Abnormal post-translational modifications (PTMs) of proteins are often a cause or consequence of many neurodegenerative disorders and diseases such as cancer. PTMs are the changes in the protein's chain of amino acids that extend its range of functions. Identification of PTMs is very challenging, given their complexity and diversity – there are more than 300 PTMs that are known to occur physiologically in humans. They also generate complex fragmentation patterns in tandem mass spectrometry (MS/MS), which further complicates identification and subsequent data analysis.
To address these challenges, Shi-Jian Ding and colleagues from the University of Nebraska Medical Center in Omaha, US, have come up with a new strategy for data analysis they are calling “iterative search for identifying PTMs” (ISPTM). Ding (now affiliated with Sanford-Burnham Medical Research Institute in Lake Nona Florida, US) is a proteomics researcher. Proteomics is the large-scale study of proteins and their functions. In particular, Dr. Ding develops methods to address biological and biomedical problems through the identification and quantification of proteins and their post-translational modifications (PTMs) in diverse biological systems.
Other search engines (X!Tandem, Mascot, and SEQUEST) have applied iterative search, but with a double pass strategy. The ISPTM approach differs from those by refining the MS/MS spectra instead of refining the database. For a recent study published in the Journal of Proteome Research,Ding and his colleagues used a multi-blind search with a tool called MODa, which can perform fast and unrestrictive searches for large scale databases of the human proteome. They performed the ISPTM and MODa searches using the computing resources of the University of Nebraska-Lincoln Holland Computing Center (HCC), which is a member of the Open Science Grid (OSG).
Computational requirements are a significant concern for large scale PTM identification of complex proteome data. In the study, ISPTM analysis of the nuclear matrix (NM) datasets took 4,535 cumulative CPU hours, while MODa analysis of the NM datasets took 834 cumulative CPU hours. Depending on the number of cores/CPUs available for parallel computing, an ISPTM search of complex proteome datasets could be completed in a few hours. In this study, the research team used a Linux cluster with 1,151 nodes because they were analyzing up to 207 modifications.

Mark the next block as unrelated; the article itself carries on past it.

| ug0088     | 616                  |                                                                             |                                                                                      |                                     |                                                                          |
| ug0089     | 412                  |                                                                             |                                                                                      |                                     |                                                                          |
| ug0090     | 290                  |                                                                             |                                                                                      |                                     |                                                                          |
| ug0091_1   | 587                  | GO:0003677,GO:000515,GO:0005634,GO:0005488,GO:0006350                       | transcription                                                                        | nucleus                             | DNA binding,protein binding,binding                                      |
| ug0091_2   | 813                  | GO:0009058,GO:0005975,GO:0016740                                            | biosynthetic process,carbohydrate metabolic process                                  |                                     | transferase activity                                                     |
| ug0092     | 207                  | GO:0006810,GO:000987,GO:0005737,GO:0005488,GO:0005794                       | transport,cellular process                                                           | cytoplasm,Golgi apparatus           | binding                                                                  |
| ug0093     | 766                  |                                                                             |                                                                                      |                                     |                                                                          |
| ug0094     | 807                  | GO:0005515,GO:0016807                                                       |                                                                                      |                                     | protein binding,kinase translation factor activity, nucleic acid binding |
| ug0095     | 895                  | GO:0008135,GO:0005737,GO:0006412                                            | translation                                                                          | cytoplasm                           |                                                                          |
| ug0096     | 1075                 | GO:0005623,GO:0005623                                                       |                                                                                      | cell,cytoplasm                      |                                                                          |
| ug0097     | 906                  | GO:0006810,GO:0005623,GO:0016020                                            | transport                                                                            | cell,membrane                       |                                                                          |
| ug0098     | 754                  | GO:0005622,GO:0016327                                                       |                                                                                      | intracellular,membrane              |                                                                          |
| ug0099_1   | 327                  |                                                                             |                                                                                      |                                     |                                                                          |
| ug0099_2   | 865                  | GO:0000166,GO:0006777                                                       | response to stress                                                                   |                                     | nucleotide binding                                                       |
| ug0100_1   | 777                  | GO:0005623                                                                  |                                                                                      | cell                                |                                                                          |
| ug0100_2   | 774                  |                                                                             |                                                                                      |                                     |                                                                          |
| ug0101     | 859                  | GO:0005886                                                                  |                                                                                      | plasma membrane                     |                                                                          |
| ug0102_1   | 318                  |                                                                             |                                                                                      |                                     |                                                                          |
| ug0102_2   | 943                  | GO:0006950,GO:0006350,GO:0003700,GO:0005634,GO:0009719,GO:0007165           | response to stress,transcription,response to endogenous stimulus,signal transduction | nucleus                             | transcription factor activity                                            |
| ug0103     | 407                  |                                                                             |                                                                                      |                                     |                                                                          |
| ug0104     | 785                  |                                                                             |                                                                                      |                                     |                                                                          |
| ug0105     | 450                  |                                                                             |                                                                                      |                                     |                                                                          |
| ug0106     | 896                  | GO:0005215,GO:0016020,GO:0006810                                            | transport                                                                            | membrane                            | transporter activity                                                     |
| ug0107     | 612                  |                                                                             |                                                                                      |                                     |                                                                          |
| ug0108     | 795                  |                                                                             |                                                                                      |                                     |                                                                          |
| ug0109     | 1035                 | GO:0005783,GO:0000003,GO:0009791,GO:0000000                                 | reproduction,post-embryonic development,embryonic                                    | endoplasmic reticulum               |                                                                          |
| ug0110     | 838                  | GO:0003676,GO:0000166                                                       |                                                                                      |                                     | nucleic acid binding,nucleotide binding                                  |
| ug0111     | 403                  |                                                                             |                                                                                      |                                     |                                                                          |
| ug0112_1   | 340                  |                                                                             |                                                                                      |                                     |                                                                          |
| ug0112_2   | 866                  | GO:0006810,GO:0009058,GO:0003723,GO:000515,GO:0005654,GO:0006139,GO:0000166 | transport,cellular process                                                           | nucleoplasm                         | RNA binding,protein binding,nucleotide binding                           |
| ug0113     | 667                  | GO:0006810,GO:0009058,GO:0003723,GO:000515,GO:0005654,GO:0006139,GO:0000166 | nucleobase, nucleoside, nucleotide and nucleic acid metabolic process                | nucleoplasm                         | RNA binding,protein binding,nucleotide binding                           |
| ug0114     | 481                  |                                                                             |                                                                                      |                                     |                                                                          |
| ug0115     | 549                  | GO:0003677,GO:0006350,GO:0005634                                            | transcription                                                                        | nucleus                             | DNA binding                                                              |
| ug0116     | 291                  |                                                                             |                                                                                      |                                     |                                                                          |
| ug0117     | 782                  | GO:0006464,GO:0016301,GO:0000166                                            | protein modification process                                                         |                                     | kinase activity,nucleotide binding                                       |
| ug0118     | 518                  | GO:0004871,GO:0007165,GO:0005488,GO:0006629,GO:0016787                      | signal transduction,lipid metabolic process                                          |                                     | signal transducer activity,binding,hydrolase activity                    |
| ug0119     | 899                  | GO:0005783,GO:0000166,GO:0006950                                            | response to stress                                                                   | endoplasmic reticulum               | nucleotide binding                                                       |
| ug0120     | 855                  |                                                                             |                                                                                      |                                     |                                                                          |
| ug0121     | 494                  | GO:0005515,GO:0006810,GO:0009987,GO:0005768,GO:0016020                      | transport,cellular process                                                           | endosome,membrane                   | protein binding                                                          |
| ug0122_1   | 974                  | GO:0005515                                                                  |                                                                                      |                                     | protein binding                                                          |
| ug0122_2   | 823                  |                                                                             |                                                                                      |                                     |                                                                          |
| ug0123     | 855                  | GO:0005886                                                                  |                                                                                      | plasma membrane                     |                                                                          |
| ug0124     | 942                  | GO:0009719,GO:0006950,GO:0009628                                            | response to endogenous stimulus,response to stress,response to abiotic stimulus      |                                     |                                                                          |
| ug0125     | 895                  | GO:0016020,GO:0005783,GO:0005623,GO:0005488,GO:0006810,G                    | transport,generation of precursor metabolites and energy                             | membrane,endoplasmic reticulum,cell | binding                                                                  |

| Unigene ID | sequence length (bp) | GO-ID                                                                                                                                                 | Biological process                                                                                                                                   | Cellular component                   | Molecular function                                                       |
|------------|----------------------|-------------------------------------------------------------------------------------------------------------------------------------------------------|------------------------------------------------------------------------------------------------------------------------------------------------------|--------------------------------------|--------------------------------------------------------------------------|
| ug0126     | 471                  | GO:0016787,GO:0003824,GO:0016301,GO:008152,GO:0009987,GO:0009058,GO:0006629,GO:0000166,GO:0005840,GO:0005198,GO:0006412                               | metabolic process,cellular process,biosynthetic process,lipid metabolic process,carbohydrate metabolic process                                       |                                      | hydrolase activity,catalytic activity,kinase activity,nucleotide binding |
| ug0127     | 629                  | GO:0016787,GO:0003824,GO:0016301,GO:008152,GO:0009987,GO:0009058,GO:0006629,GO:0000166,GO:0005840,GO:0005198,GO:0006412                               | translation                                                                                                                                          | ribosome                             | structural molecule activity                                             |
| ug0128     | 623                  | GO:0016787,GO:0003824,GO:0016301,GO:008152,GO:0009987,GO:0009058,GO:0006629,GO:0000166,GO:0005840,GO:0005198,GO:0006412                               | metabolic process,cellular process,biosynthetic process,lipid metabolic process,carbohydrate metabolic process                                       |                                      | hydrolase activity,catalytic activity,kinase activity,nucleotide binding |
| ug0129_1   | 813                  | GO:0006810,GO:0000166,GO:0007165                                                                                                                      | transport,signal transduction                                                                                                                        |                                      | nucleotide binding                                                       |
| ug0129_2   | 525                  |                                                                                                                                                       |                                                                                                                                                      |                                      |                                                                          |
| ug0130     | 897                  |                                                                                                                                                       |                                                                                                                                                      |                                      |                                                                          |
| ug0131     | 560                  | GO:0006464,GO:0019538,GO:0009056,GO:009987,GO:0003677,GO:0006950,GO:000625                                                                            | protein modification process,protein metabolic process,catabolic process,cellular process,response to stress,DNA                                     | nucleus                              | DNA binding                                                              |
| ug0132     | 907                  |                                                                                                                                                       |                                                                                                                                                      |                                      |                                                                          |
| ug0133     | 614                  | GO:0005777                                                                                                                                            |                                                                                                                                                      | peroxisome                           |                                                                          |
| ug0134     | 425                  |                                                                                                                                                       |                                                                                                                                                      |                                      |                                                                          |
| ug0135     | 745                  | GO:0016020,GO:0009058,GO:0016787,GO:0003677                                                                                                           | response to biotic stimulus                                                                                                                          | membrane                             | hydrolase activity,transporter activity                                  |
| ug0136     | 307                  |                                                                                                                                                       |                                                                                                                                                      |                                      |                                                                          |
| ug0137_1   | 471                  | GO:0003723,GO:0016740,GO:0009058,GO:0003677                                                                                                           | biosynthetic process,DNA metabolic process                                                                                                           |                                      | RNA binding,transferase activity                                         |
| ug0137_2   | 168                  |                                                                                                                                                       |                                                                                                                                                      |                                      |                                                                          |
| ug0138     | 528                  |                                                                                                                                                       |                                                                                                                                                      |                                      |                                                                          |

The test results for 13 modifications show that the ISPTM approach is superior compared to the all-in-one search. Resources like the OSG provide the necessary computing power. A user interface for implementing ISPTM is currently under development.
As far as Ding can tell, he and his colleagues are the first to simultaneously and accurately identify the localization of multiple modifications from complex proteome samples. Using the Open Mass Spectrometry Search Algorithm (OMSSA), an open source search engine for analyzing and identifying peptides, they are also able to evaluate the confidence level of each modification.
Thanks to HCC integration with the OSG, the team has refined OMMSA so they can now search as many modifications as needed – but this scale wouldn’t be possible without the resources of the OSG. Global modifications pose a significant computational problem. Much like gene sequencing, mass spectrometry instrumentation generates big data. Effective data analysis is also a significant challenge.
“The Open Science Grid allows us to ask what the global protein PTM changes are,” says Ding. “Previously, we couldn't ask certain questions because of limited computing power. Now, with essentially unlimited computing power, we can perform this kind of research.”
The researchers use Python scripts for refining and filtering tasks, generating the commands for OMSSA searches, and collecting the results. The scripts automate each step, minimizing the need for intervention. As a result, the ISPTM analyses of the synthetic peptides and the NM data finished in less than 48 hours using the computing resources available at HCC and OSG.
This approach shows that identifying peptides with various (either chemical or biological) modifications in a sample can increase the spectral identification rate and the chances of identifying key protein regulators and their possible PTMs. Proteins play important roles in cells and what happens to them, both normally and abnormally. With in-depth studies of proteins, researchers like Ding can find biomarkers for early diagnosis and prognosis of disease – and further their ability to predict whether a patient will respond to a given drug treatment. This work has tremendous implications for discovering new drug targets, overcoming drug resistance in existing drug targets, and developing better therapeutic approaches.